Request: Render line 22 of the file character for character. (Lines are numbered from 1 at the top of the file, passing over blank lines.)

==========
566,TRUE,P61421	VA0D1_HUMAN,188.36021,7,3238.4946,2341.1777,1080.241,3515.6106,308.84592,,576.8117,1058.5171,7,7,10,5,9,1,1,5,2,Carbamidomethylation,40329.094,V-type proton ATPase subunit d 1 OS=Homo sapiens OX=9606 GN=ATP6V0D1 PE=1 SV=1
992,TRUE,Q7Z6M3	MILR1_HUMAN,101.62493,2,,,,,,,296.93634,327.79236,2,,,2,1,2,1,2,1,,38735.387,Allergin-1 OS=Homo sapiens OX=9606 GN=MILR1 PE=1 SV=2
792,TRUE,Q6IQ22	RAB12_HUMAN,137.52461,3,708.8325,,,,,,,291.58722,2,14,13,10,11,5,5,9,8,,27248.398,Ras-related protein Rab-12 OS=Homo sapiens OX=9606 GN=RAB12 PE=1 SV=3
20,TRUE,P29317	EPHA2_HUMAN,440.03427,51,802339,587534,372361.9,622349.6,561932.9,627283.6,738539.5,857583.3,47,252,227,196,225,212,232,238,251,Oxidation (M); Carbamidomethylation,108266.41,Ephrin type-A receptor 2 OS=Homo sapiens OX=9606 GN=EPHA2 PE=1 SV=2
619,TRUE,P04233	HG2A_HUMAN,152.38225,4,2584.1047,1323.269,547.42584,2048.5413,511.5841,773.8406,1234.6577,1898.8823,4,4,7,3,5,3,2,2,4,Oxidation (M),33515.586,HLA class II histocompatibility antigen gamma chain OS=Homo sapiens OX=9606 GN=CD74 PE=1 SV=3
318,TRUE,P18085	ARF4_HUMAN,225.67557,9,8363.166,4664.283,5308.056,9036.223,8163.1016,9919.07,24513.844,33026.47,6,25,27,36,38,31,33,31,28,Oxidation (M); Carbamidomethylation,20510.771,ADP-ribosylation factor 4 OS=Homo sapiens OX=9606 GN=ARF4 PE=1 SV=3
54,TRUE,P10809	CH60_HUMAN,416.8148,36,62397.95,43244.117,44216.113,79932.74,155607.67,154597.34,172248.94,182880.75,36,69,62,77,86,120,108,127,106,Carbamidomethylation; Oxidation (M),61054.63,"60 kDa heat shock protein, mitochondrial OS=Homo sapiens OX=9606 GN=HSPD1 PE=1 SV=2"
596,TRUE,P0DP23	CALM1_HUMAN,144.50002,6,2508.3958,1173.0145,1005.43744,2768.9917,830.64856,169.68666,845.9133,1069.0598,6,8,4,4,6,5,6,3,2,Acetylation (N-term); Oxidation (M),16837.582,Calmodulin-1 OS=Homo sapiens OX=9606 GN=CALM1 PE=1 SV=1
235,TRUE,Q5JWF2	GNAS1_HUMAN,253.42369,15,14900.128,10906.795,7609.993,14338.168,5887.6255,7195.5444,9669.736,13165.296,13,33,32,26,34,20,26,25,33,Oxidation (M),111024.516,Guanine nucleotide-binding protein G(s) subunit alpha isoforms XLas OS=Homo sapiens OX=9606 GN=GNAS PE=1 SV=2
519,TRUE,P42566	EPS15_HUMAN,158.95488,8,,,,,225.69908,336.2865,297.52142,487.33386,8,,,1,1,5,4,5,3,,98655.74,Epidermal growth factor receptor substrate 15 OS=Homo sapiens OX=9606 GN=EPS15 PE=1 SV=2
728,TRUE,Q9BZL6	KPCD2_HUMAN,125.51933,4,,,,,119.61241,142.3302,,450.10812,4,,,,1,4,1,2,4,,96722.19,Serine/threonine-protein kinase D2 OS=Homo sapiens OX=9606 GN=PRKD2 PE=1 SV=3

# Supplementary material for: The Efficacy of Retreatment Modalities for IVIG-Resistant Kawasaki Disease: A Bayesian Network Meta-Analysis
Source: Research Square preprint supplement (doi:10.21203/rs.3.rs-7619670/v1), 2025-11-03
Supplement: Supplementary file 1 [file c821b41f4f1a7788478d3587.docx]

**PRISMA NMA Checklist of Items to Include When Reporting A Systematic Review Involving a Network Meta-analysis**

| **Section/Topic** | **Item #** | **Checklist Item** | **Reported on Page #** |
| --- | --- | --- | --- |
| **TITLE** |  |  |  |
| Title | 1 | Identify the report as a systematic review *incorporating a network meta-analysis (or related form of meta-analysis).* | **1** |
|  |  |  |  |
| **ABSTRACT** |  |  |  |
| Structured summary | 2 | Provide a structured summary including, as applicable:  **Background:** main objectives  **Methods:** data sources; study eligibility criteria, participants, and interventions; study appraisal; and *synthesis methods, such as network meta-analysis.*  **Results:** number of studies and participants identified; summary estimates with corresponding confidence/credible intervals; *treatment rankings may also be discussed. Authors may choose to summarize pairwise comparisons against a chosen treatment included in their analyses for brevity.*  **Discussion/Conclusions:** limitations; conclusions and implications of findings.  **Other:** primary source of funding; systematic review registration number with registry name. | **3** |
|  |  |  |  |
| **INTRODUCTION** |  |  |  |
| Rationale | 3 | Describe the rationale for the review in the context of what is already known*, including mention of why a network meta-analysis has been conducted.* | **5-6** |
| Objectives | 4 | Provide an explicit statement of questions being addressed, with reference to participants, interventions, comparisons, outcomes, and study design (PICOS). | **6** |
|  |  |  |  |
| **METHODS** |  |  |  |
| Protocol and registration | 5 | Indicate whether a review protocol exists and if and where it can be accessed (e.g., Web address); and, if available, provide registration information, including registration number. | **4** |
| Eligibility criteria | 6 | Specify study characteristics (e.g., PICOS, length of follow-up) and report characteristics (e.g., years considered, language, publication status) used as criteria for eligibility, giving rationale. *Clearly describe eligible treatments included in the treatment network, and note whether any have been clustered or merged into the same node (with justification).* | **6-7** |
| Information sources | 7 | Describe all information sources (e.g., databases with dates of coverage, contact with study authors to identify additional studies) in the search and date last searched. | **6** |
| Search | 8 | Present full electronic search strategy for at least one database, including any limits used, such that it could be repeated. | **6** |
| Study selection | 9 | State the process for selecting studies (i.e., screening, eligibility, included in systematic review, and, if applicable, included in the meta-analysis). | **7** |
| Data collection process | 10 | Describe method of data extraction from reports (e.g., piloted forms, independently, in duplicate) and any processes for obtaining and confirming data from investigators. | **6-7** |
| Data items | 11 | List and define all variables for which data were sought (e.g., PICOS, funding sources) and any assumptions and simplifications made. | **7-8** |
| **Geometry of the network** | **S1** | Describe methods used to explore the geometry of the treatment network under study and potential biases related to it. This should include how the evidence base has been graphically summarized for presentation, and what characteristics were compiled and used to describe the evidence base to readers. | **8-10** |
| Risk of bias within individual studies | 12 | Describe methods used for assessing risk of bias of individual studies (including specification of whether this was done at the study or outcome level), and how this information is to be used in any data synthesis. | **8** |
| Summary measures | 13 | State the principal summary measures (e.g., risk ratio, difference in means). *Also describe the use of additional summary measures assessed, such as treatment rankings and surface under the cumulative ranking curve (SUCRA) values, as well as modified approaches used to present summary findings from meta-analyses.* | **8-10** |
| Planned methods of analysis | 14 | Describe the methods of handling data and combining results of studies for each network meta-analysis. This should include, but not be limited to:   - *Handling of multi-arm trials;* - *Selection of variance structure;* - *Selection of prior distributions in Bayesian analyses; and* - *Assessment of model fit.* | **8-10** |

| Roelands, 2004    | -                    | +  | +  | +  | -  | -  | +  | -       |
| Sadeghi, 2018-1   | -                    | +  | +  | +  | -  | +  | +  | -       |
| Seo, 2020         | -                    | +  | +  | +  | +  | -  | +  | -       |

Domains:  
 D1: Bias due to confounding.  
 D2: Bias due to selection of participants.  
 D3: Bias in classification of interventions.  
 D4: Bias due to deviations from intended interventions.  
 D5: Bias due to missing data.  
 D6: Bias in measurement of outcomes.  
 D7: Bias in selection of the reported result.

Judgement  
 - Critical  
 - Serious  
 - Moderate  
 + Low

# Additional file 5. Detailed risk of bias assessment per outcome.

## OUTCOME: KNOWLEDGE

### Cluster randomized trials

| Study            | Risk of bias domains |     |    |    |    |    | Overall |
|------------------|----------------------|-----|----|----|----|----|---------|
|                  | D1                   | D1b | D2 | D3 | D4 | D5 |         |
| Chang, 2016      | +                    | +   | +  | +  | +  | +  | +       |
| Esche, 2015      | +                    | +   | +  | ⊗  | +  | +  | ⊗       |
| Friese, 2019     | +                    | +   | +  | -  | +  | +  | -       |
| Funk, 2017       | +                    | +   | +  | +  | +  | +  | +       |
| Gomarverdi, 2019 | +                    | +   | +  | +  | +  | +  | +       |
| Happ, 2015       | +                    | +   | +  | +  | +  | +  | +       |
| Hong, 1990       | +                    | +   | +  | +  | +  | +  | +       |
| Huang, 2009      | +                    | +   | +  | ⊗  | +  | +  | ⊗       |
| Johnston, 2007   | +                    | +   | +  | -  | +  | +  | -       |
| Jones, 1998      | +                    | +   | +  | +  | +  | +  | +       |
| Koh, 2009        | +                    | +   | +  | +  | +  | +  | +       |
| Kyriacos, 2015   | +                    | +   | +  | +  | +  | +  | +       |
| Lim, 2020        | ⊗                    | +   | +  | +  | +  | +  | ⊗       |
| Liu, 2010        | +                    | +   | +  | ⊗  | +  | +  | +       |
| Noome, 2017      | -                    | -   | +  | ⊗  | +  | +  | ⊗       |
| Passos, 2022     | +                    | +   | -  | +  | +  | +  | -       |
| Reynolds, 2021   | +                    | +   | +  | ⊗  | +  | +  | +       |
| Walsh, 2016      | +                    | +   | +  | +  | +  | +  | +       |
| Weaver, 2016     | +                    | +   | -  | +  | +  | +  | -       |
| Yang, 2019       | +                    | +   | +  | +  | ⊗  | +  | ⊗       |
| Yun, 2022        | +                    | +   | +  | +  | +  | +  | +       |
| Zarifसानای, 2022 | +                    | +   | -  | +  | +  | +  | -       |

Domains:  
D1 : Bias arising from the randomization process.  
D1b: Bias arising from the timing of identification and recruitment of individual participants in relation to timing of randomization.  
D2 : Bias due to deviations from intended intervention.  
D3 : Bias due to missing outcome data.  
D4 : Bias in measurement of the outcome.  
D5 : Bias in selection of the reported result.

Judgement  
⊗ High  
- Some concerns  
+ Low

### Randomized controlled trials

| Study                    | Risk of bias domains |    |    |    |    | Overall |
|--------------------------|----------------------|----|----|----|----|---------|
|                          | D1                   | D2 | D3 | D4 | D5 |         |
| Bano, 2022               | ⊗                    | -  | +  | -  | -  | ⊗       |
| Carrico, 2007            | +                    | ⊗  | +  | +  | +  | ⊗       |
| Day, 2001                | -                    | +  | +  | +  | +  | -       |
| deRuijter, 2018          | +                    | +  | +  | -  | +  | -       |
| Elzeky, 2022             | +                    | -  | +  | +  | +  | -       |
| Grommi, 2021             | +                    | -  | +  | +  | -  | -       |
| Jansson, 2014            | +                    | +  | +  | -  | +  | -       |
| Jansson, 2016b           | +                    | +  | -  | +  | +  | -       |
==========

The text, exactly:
| Structured summary | 2 | Provide a structured summary including, as applicable:  **Background:** main objectives  **Methods:** data sources; study eligibility criteria, participants, and interventions; study appraisal; and *synthesis methods, such as network meta-analysis.*  **Results:** number of studies and participants identified; summary estimates with corresponding confidence/credible intervals; *treatment rankings may also be discussed. Authors may choose to summarize pairwise comparisons against a chosen treatment included in their analyses for brevity.*  **Discussion/Conclusions:** limitations; conclusions and implications of findings.  **Other:** primary source of funding; systematic review registration number with registry name. | **3** |